• At the first set meeting the facilitator will help participants to establish appropriate ground-rules, explain how the process within the set meeting interacts with activity outside the meeting to produce Action Learning, explain the way that dialogue should be handled within the set meeting, and explain how each person, at different times, takes on the role of ‘problem owner’ or ‘supportive colleague’ to create a powerful learning environment.

  • Once the process has started, particularly after the initial meetings as participants gain confidence with the process and build trust in each other, the facilitator will intervene less and less. Their aim is to set up an environment where dialogue is driven by participants and outcomes are owned by the participants. It is common (and healthy) for established sets to meet without facilitation.

The role of the sponsor:

  • As sponsor, your interest will be in the project or process that is to be the subject of the individual’s actions and reflection in the meetings. You will want to stay close to what is happening so that the organisation benefits just as much as the individual. And you will want to help the individual to benefit the organisation.

The role of the manager:

  • As manager of the individual, you are interested in their development, their welfare, and their productivity. Balancing these three will need your support for the individual, in the (potentially) emotional cauldron of an action learning set where personal challenges are being confronted openly and perhaps for the first time. However, as senior-level people themselves, you will want to ensure that the individual takes ownership of their own development within action learning, engaging fully in what is being offered to them.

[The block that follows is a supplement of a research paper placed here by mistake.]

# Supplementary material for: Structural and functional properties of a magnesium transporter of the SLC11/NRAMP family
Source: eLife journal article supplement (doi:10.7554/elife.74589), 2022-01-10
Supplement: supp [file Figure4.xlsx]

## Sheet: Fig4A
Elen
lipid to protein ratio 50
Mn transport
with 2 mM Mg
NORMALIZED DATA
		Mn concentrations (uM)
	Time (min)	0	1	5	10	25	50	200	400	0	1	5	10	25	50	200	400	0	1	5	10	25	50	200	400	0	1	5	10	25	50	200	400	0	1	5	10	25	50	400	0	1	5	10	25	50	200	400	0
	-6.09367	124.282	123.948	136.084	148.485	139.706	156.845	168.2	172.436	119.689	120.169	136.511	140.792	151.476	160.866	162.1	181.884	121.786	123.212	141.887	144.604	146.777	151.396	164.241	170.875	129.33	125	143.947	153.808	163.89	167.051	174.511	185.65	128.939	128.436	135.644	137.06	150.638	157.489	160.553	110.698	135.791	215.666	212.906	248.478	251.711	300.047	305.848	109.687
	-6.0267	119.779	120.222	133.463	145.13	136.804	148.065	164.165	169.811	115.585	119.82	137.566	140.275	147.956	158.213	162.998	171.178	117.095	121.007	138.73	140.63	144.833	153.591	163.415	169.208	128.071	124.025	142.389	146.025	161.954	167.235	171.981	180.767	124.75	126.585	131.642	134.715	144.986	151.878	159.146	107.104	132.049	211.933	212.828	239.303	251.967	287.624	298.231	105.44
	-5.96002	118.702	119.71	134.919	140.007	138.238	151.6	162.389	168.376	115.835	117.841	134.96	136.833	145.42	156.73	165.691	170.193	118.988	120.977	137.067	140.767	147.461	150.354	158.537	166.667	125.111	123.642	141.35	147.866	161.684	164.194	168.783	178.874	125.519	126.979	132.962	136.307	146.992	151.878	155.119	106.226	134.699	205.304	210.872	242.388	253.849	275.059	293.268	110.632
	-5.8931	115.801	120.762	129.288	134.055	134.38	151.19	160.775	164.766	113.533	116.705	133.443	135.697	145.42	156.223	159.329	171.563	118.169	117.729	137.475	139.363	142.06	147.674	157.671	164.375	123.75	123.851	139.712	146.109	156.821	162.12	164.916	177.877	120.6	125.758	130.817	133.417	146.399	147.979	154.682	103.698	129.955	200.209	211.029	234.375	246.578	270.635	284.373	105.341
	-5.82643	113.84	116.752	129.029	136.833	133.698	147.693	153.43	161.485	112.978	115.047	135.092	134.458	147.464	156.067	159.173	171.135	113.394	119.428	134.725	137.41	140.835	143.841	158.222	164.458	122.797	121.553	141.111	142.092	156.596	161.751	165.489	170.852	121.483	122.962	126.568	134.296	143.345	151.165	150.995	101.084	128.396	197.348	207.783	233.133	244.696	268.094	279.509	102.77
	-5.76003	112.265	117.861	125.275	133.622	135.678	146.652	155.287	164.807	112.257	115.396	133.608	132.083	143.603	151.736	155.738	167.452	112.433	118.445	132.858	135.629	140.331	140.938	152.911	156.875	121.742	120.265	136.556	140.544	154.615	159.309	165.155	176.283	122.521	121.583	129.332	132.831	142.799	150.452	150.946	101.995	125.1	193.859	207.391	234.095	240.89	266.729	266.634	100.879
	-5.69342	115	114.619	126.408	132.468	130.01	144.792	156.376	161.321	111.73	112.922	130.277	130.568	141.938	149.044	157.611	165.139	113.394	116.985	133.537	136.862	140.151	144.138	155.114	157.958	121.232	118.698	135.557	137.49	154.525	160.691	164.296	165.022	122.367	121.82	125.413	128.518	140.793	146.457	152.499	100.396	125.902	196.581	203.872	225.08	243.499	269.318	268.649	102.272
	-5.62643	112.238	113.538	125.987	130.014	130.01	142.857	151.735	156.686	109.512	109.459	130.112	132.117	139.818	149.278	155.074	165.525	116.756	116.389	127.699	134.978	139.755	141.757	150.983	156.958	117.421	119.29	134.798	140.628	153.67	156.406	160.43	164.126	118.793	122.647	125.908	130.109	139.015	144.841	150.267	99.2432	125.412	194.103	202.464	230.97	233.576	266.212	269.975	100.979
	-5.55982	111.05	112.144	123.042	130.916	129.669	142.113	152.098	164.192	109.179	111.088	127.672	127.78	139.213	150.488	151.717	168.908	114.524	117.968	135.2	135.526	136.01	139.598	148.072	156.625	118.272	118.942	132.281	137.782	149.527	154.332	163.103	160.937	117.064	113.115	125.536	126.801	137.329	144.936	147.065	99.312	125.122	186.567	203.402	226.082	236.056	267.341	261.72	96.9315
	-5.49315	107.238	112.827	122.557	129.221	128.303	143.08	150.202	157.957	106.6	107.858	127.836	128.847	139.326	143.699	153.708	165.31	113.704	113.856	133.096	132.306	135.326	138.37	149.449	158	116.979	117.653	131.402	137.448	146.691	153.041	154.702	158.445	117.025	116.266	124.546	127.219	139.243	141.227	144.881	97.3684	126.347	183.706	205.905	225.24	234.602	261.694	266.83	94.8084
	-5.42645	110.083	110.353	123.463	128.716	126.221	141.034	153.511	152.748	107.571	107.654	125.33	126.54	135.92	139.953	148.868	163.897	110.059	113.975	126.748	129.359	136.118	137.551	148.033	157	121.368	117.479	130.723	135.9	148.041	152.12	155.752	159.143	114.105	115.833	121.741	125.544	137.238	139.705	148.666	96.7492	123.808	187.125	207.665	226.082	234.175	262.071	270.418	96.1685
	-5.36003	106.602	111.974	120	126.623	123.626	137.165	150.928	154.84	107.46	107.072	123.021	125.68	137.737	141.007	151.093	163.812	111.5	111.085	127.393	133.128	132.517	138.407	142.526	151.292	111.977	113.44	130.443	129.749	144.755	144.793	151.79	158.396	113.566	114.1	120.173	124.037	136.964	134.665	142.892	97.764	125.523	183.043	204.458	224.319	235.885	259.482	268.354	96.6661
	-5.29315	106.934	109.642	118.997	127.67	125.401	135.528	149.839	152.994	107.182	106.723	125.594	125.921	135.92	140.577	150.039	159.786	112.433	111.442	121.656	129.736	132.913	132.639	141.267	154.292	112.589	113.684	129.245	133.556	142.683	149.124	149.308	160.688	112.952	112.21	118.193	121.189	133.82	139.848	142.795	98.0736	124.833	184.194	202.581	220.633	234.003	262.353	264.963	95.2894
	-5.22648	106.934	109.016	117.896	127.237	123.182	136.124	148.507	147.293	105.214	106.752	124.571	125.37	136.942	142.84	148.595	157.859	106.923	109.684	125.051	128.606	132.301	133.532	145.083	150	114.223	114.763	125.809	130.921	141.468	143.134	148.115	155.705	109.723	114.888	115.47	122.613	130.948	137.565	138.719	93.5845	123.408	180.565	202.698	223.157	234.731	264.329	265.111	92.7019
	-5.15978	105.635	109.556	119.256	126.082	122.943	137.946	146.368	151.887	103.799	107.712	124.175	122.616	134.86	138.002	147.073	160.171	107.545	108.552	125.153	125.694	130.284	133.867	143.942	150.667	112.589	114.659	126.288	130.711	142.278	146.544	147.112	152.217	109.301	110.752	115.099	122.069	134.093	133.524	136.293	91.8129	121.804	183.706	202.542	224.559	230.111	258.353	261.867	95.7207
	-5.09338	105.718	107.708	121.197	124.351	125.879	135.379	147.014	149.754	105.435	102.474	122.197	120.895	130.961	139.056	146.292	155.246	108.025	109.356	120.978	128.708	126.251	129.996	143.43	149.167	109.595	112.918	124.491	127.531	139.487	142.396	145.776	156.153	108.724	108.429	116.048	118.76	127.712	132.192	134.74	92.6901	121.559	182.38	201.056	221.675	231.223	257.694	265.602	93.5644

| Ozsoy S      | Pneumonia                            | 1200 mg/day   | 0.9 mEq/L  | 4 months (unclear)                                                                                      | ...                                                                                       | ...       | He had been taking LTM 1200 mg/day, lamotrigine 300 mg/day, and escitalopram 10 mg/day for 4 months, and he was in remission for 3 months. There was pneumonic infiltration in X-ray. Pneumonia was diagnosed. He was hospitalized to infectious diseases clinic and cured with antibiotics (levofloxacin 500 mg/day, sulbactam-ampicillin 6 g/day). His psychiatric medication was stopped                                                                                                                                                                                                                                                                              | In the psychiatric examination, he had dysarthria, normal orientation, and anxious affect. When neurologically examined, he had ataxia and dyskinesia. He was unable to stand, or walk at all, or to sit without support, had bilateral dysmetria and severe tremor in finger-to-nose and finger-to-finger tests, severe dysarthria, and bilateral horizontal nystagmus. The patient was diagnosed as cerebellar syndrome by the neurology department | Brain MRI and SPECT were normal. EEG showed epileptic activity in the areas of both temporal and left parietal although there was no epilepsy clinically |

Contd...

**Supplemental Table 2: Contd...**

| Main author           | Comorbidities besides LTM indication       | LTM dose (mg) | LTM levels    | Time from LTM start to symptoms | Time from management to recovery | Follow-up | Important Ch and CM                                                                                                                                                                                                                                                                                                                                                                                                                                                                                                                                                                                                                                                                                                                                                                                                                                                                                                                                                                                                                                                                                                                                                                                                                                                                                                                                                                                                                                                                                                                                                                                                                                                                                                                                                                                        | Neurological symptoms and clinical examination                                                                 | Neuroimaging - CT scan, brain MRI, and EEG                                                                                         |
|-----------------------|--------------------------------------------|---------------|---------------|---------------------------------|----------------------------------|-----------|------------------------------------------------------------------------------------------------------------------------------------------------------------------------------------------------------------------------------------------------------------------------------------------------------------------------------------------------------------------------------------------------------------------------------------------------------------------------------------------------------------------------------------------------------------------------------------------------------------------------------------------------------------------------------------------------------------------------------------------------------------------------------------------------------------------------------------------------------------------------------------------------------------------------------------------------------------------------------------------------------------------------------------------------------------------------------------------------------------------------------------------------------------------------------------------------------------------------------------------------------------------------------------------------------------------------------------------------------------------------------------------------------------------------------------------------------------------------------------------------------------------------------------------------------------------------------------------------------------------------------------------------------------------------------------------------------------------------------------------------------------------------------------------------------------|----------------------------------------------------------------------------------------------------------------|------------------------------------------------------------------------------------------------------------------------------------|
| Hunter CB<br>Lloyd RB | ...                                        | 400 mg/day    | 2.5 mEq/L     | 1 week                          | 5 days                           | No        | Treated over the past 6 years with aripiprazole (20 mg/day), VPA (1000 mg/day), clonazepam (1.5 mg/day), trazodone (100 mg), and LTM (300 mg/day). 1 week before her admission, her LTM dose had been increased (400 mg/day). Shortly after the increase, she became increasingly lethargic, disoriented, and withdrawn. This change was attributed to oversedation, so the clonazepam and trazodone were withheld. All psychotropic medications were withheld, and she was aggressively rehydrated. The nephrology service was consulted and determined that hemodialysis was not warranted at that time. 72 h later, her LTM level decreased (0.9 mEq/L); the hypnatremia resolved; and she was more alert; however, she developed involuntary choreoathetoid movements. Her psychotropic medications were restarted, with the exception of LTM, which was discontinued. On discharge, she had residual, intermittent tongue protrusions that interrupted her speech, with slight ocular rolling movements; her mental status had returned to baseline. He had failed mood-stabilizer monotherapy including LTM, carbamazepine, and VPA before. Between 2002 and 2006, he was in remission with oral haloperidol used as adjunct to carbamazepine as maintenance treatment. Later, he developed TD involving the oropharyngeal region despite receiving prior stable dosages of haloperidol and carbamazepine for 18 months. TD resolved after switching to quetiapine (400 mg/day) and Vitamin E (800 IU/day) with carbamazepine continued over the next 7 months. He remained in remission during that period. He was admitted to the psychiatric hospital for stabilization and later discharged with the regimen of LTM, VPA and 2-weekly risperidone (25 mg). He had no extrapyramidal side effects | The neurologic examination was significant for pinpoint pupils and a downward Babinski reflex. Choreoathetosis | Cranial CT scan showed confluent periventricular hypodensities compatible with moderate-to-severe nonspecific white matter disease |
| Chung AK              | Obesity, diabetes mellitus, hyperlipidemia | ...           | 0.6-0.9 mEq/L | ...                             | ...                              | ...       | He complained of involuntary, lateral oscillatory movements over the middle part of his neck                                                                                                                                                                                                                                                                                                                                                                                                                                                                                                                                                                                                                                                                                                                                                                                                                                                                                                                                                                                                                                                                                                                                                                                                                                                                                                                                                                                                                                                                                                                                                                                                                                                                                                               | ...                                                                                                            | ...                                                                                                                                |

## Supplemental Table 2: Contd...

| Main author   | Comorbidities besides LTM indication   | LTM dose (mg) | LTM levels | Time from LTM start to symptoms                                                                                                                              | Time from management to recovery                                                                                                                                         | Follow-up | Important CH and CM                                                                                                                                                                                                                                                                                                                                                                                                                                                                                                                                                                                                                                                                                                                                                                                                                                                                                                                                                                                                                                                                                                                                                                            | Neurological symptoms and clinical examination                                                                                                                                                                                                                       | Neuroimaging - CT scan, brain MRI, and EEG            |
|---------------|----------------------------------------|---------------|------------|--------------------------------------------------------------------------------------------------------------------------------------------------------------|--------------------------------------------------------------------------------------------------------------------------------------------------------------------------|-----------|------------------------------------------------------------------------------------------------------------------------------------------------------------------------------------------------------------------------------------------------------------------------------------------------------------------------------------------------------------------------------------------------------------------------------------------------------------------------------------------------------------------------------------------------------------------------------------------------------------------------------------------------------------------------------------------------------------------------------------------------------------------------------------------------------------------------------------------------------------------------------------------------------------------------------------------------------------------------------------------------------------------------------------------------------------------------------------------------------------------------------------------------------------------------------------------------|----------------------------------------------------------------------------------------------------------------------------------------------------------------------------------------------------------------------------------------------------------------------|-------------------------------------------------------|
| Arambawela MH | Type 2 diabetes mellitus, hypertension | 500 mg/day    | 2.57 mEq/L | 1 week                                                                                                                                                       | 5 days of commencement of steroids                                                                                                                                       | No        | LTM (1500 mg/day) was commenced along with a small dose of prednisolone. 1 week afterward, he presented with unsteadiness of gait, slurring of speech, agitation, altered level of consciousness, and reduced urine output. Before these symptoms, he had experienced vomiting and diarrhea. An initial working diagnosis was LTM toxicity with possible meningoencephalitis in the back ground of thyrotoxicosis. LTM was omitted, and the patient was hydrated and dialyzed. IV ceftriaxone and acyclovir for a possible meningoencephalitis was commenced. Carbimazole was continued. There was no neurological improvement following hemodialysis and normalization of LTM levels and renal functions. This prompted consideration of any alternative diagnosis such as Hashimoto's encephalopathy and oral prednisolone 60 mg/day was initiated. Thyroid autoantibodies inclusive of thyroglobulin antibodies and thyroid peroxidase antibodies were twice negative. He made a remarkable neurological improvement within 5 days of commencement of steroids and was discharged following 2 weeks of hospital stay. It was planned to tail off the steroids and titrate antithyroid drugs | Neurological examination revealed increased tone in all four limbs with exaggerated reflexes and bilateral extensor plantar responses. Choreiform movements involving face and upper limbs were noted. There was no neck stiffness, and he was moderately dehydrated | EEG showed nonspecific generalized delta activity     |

In the next post we will look at tips for getting Action Learning going in your organisation and also how to integrate it with your other learning activities.


Dan McCarthy said...

Chris -
I love your series on action learning! When you're finished, I'll reference these on my blog.

Chris Morgan said...

Thanks Dan - I'm glad you like it!


Clark said...

Nice series (he says, having read only the first two). The model reminds me very much of cognitive apprenticeship (my fave). Great stuff!

Chris Morgan said...

Hi Clark - good to connect via Twitter. I believe cognitive apprenticeships serve to help learners put into practice what they have been learning in a classroom or via elearning etc.

Action learning in its purest form serves the purpose of helping an individual find their own solutions to problems. The other members of the group help that person to think about the problem differently and to challenge their approach etc.

Action learning can also be used to help groups of people put the theory acquired in a training intervention into practice. As a faciliated group they can be set a task that they need to achieve, focusing on their newly acquired skills. This could be to take a new product to market, develop a new solution, move an office location etc. The projects have real value to the business whilst also developing individuals at the same time.

Both approaches should really be a key part of any approach to talent management.